The main argument against presidential sole authority is that it reduces US deterrence (Whitlark). Deterrence is based on the principle that it would be irrational for a country to attack an adversary if the adversary–or the adversary’s ally–could still respond with a devastating nuclear strike.
Presidential sole authority may have increased deterrence in the early years of nuclear weapons, but this is not the case today. Historically, an adversary could have thought that they had a higher chance of crippling the US nuclear inter-continental ballistic missile (ICBM) system with an all out surprise attack, thus eliminating the US capacity to retaliate, if multiple people were required to make the decision. But the US capacity to retaliate today is essentially untouchable. New, undetectable nuclear submarines ensure that the US could still retaliate even in the unlikely chance a strike eliminates all US ICBMs. If an actor can be deterred, they will be by the US nuclear force, regardless of whether it is one person or multiple people making a launch decision.
Also, other countries that maintain credible deterrence like Russia and Israel appear to have nuclear launch protocols that require multiple decision makers, based on the available intelligence (MacDonald), further refuting the claim that removing presidential sole authority reduces deterrence.
Presidential sole authority should be replaced with a system that requires the approval of the next two officials in the chain of succession, for a total of three officials making the launch decision. In normal circumstances the top two individuals in the chain of succession would be the Vice-President and the Speaker of the House of Representatives, who cannot be removed by the president. (Notably, the Vice-President’s power to veto a president’s nuclear launch order is consistent with the 25th amendment, which allows the Vice-President and members of the cabinet to impeach the president if they deem him or her unfit). In the event that any of these individuals are incapacitated or unreachable, the next officials would be the President Pro Tempore of the Senate, the Secretary of State, the Secretary of Treasury, and Secretary of Defense. All individuals in the chain of succession already receive nuclear launch authority if something happens to the president and earlier successors, so they already have political legitimacy to be involved in nuclear matters.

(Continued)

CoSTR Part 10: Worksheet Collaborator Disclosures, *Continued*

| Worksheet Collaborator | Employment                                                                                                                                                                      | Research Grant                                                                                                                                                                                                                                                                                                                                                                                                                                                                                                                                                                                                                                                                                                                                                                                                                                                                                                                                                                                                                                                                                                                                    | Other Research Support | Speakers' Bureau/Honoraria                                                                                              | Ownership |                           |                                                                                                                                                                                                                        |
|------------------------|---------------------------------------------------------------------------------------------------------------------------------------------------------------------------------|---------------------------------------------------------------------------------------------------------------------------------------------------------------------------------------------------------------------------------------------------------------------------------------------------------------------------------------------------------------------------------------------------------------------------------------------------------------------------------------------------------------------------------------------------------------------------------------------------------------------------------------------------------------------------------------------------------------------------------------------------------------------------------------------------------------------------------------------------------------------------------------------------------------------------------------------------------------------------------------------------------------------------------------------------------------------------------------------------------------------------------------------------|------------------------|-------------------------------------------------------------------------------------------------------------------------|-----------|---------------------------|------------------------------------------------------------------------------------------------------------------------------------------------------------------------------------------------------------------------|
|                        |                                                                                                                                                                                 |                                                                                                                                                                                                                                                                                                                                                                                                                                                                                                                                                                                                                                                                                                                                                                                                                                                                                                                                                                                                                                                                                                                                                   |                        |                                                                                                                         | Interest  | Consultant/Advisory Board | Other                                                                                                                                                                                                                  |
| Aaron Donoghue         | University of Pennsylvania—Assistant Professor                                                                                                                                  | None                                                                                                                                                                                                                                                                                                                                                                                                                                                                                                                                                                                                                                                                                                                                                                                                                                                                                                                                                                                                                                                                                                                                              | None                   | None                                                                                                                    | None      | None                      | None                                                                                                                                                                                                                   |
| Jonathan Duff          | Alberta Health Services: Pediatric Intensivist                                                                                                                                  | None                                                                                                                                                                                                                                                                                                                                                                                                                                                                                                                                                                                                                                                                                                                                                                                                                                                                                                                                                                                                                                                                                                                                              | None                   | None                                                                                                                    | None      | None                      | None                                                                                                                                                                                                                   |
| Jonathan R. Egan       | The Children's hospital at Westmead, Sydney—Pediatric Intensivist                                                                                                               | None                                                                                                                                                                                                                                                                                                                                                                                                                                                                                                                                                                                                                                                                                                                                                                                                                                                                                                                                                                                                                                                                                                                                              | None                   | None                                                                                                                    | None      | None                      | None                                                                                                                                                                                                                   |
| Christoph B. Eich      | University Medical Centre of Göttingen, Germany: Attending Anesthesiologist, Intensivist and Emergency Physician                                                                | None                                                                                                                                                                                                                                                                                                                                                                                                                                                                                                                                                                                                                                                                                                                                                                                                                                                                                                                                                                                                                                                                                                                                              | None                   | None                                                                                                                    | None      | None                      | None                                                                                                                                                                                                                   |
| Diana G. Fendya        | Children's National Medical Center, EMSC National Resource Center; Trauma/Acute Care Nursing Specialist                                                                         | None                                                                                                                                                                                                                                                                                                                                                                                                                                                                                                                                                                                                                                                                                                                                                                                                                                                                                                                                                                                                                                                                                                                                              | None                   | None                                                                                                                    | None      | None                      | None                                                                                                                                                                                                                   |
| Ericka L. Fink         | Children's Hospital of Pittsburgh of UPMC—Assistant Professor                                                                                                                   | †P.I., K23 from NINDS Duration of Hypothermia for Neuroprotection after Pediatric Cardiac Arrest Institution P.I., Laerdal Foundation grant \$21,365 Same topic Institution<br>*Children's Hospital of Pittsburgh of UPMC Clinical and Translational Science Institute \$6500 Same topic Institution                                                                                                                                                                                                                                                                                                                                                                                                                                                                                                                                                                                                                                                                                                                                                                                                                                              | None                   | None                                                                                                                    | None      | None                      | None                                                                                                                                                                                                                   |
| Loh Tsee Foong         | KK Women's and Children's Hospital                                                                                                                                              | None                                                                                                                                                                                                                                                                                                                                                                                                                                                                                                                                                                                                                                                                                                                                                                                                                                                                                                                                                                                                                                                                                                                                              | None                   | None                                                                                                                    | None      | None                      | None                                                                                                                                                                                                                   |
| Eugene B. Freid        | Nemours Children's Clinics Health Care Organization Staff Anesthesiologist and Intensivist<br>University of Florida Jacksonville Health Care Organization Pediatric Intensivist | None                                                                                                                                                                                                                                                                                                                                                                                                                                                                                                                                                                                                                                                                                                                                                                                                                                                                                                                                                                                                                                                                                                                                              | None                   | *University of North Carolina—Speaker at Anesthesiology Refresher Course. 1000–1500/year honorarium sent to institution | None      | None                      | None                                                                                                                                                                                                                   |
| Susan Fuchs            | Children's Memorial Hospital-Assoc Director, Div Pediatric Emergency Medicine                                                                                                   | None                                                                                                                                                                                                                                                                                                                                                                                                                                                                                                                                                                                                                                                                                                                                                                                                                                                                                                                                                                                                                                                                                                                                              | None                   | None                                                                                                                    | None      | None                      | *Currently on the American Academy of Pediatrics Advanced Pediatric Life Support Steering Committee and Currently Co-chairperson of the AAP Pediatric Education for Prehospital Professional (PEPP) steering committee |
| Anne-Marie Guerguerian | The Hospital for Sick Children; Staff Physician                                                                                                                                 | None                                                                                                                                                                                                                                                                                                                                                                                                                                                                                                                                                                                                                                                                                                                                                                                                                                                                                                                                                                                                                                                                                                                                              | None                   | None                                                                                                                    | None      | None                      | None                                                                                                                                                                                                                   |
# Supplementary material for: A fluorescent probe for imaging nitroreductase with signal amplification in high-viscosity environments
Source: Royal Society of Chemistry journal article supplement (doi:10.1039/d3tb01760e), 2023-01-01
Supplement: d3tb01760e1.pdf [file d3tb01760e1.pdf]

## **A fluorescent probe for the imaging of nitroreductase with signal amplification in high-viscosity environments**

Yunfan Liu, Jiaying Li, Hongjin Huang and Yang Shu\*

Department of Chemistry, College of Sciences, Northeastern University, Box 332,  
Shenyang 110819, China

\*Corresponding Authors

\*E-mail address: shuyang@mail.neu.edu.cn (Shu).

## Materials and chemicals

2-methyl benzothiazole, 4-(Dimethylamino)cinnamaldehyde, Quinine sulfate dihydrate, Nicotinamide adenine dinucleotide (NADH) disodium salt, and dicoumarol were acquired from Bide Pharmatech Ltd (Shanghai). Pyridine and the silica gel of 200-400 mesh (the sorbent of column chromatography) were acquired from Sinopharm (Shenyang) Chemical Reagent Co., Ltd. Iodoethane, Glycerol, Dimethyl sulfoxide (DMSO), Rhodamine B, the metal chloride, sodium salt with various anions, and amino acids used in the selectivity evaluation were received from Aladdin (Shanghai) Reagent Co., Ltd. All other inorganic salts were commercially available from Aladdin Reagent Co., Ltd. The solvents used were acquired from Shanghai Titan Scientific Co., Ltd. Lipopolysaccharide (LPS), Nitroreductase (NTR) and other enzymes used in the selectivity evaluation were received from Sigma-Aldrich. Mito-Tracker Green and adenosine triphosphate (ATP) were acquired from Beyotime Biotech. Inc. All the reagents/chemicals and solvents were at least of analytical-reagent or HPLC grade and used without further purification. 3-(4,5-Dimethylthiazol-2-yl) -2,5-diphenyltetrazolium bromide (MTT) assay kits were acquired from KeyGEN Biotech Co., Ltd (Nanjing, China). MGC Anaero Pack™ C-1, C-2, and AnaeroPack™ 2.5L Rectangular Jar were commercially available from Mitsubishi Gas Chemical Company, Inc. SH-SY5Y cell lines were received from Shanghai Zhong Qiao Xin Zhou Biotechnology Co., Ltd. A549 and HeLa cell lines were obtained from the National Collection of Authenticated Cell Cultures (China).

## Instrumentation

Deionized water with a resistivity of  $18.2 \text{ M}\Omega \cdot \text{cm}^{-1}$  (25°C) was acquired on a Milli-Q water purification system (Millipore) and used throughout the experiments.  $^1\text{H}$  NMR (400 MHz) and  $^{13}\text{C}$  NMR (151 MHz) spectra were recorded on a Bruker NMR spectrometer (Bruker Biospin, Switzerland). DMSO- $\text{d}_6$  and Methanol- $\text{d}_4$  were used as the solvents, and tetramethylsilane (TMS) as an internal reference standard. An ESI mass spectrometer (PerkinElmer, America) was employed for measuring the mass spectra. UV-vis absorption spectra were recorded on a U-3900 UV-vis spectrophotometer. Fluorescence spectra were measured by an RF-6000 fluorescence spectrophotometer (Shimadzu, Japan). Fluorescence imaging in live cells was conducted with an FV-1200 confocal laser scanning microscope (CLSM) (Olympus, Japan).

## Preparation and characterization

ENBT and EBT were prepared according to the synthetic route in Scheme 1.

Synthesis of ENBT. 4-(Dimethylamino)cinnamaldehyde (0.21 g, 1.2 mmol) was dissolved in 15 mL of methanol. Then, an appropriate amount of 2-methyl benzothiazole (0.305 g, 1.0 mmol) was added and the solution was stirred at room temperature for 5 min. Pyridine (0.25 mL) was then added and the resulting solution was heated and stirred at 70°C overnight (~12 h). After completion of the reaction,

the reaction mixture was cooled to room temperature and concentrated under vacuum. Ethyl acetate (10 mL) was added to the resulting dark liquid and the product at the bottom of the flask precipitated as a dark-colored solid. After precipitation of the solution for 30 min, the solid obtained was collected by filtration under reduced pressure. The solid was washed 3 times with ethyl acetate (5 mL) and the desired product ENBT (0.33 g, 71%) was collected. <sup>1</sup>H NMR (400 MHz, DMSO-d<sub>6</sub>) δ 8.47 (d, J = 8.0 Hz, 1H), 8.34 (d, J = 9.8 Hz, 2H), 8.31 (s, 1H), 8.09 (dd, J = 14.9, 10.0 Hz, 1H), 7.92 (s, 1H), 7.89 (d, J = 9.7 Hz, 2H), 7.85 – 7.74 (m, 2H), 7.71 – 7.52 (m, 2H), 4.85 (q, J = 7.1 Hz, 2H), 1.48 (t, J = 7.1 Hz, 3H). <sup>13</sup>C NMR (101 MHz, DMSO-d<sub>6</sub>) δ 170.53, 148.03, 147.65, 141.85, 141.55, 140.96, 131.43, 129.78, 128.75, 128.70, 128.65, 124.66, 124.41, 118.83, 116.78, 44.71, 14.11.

Officials could be contacted through the existing Federal Emergency Management Agency “Internet Protocol Locator,” which continuously tracks the location and status of officials in the chain of succession (Gronlund et al.). This system is trusted to ensure a prompt transfer of launch authority if the commander-in-chief is killed or incapicitaed, so it should also be trusted to gain the approval of all three officials before a launch.
Replacing the current policy of presidential sole authority with a three-way power sharing relationship between the President, the Vice President, and the Speaker of the House would improve the existing system by:
- Putting checks in place to prevent an unjustifiable nuclear launch. The Vice-President and the Speaker of the House know the president, so they can certify the validity of an order.
- Reducing the risk of a mistaken launch by requiring more deliberation and assessment of the credibility of available information.
- Signaling to other countries that the US is intent on only launching nuclear weapons in a deliberate, calculated manner and serious about substantive action towards a future free of nuclear weapons (a stated US goal; Nuclear Posture Review).
Implementation of the proposed policy would also not affect the United States’ deterrence nor the security we offer to our allies. The policy of presidential sole authority was built for speed and decisiveness where caution and deliberation are now called for.